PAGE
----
Cathay Pacific Airways prepares pilot base closures, leaving hundreds of jobs at risk

posted on 22nd April 2021 by Eddie Saunders
Cathay Pacific Airways prepares pilot base closures, leaving hundreds of jobs at risk


Cathay Pacific Airways will close its Canadian pilot base, and is considering doing the same to ones in Australia and New Zealand, putting hundreds of jobs at risk, the Post has learned.

The moves come as part of a review of the airline’s overseas cockpit crew operations, which will also see it re-evaluate its European and United States pilot bases later this year, according to a memo sent to staff on Thursday.

The memo indicated the airline would start to transfer pilots to Hong Kong on a voluntary basis.

However, if the carrier were to transfer overseas pilots to Hong Kong, it could prove controversial.

Existing expatriate cockpit crew in the city are only receiving short-term work visa approvals, and there is a large pool of unemployed local pilots following the shutdown of Cathay Dragon last year. Hong Kong authorities could block the move.

Furloughed Europe- and US-based pilots have been receiving half of their salary, while their Canadian colleagues were getting two-thirds.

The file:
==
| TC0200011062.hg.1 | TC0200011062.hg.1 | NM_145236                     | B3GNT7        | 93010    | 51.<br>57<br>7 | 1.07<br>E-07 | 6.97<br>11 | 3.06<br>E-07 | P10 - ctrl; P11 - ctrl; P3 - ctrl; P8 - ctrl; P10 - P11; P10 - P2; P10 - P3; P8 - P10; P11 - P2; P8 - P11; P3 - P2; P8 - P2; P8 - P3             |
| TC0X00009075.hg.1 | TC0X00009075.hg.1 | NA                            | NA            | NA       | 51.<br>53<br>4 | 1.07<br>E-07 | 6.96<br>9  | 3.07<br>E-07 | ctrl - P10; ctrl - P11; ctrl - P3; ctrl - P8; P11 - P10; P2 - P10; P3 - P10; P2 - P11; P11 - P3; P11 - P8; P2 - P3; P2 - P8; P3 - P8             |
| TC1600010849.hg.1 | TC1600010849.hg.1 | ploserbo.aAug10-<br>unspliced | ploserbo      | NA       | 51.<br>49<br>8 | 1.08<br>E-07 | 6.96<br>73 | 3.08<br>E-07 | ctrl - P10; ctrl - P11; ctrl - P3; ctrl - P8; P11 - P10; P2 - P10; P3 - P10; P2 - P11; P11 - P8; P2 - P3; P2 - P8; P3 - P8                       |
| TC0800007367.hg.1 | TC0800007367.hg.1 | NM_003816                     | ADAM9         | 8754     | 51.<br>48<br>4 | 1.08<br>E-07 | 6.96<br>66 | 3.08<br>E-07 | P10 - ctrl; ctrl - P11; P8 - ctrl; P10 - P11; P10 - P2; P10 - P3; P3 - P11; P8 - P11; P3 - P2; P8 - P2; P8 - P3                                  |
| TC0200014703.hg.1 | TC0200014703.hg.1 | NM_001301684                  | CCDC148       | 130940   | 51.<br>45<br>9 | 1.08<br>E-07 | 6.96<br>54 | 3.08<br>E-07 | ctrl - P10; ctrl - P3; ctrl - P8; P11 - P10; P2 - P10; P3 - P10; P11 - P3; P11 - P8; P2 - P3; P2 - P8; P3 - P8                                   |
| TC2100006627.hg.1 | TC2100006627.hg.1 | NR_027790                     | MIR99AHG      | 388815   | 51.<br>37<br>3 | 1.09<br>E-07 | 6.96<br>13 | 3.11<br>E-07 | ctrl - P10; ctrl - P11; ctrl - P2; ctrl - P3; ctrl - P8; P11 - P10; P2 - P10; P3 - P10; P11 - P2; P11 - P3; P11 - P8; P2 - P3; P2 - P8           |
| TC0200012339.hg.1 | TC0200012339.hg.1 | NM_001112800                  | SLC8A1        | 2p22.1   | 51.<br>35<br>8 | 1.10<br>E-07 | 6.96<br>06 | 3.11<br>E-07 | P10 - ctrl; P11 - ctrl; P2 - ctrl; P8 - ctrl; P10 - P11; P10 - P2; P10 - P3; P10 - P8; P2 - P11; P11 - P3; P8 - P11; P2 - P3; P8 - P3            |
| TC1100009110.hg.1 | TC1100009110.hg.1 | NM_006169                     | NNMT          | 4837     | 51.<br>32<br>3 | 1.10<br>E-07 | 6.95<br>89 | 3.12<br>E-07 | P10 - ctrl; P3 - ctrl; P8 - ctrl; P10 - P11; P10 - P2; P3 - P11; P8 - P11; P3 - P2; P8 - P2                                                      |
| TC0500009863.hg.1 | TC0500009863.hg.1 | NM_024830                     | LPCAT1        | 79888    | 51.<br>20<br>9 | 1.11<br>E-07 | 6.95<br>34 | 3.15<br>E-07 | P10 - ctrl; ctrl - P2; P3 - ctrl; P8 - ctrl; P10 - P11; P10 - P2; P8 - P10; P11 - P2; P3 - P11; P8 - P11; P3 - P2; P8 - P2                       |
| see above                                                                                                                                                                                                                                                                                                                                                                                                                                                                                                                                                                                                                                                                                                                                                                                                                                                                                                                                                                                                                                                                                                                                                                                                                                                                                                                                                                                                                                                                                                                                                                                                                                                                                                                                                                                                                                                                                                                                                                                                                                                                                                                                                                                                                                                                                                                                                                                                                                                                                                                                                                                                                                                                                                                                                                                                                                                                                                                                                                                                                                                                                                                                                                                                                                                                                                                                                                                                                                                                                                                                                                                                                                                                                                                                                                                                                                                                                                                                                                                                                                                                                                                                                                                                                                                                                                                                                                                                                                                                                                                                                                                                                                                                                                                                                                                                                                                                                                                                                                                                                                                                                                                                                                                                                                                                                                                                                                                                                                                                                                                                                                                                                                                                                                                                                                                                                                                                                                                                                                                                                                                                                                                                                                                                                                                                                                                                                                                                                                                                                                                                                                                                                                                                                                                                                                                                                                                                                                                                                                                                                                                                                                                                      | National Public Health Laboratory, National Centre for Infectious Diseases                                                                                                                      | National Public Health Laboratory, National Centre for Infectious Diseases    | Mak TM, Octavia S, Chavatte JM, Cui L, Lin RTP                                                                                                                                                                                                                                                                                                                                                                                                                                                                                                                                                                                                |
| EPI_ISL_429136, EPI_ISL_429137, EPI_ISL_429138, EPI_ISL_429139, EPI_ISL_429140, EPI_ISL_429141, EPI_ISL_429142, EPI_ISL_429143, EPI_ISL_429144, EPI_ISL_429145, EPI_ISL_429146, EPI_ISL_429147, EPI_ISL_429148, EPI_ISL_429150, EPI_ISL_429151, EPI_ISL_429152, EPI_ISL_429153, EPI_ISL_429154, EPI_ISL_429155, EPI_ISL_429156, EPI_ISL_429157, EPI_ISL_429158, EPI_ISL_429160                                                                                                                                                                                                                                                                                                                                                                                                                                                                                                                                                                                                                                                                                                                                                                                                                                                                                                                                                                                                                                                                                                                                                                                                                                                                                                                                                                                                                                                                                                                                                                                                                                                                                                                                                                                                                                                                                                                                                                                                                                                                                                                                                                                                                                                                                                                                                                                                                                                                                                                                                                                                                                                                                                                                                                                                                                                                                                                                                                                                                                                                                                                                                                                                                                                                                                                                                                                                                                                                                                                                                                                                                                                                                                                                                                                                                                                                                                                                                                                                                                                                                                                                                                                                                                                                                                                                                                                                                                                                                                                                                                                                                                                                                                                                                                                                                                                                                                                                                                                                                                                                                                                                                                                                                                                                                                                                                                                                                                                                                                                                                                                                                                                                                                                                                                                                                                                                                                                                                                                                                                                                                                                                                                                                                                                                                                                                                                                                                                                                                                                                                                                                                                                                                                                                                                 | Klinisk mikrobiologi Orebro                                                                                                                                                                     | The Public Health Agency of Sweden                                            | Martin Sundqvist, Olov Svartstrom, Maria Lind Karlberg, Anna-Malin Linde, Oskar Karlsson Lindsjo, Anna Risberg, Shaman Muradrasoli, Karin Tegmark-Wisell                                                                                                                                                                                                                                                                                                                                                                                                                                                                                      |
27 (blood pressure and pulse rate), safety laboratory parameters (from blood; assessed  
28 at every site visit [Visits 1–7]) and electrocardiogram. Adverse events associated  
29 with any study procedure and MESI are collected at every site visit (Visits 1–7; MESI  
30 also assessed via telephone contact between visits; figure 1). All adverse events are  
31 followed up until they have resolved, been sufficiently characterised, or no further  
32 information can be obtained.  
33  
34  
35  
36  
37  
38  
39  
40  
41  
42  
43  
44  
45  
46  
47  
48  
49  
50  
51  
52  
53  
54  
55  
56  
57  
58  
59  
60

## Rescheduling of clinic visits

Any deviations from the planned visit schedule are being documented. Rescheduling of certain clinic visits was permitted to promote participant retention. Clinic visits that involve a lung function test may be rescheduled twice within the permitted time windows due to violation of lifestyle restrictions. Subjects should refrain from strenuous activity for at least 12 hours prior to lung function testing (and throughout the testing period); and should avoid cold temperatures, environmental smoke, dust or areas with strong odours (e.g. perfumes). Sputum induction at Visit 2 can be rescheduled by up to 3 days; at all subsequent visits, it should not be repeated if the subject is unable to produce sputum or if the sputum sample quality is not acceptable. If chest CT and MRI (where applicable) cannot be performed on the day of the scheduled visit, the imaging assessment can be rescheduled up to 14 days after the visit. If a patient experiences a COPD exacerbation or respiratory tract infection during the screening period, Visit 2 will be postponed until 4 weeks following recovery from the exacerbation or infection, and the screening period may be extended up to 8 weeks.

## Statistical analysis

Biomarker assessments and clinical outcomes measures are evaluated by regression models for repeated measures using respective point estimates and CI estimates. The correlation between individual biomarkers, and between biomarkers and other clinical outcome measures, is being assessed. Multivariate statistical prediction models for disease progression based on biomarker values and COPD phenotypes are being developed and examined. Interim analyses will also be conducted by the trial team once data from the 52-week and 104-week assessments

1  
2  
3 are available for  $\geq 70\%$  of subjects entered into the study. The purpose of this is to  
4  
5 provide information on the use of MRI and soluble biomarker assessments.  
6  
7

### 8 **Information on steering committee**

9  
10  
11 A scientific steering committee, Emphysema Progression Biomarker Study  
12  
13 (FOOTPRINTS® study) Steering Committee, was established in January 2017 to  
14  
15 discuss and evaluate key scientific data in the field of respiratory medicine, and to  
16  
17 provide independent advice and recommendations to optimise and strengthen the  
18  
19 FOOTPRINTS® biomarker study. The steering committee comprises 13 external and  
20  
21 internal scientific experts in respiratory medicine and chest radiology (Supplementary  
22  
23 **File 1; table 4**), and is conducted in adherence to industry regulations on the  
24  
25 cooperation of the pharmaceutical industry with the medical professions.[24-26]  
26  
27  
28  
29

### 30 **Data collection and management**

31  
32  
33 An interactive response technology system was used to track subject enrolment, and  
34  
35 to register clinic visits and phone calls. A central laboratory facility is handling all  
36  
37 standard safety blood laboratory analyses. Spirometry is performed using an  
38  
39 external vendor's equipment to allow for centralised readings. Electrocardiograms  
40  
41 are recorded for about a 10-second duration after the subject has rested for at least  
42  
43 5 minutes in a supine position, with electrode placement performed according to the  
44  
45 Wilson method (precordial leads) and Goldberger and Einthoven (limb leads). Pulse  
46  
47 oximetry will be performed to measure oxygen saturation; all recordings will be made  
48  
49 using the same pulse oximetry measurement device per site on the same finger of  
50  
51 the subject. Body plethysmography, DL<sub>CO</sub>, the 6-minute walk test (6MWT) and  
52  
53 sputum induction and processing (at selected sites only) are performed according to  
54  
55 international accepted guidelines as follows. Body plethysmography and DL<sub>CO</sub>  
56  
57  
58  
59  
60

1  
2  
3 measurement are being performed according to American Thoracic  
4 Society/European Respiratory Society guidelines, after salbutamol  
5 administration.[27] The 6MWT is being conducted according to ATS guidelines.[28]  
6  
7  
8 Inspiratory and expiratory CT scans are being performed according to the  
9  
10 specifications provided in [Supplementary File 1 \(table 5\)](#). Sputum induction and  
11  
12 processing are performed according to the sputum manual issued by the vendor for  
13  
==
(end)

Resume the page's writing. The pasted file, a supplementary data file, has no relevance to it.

Since April 1, however, Cathay has not been paying its Australian crews.

All overseas passenger fleet pilots had been stood down since May last year, the airline said.

Deborah McConnochie, Cathay’s general manager for aircrew, said the decision to close the Canada base was “not taken lightly”. She said the airline had also written to Australian and New Zealand pilots to start a consultative process “based on a proposal to close those base areas”.

“We have not made any decisions on bases other than Canada at this time nor any general decision on the future of bases – each base area will be considered on its own merits and any decision to close, maintain or restructure that base area will not have a bearing on any subsequent base reviews,” she said in a statement.

Covid-19 continues to have a devastating impact on our industry and our airlines,” she added.
“Following the record loss for 2020, all of the company’s cash preservation measures continue unabated. It is clear that we must continue to review all areas of the business to ensure we emerge competitively from this unprecedented global crisis.”
Hong Kong’s flag carrier lost a record HK$21.6 billion (US$2.8 billion) last year.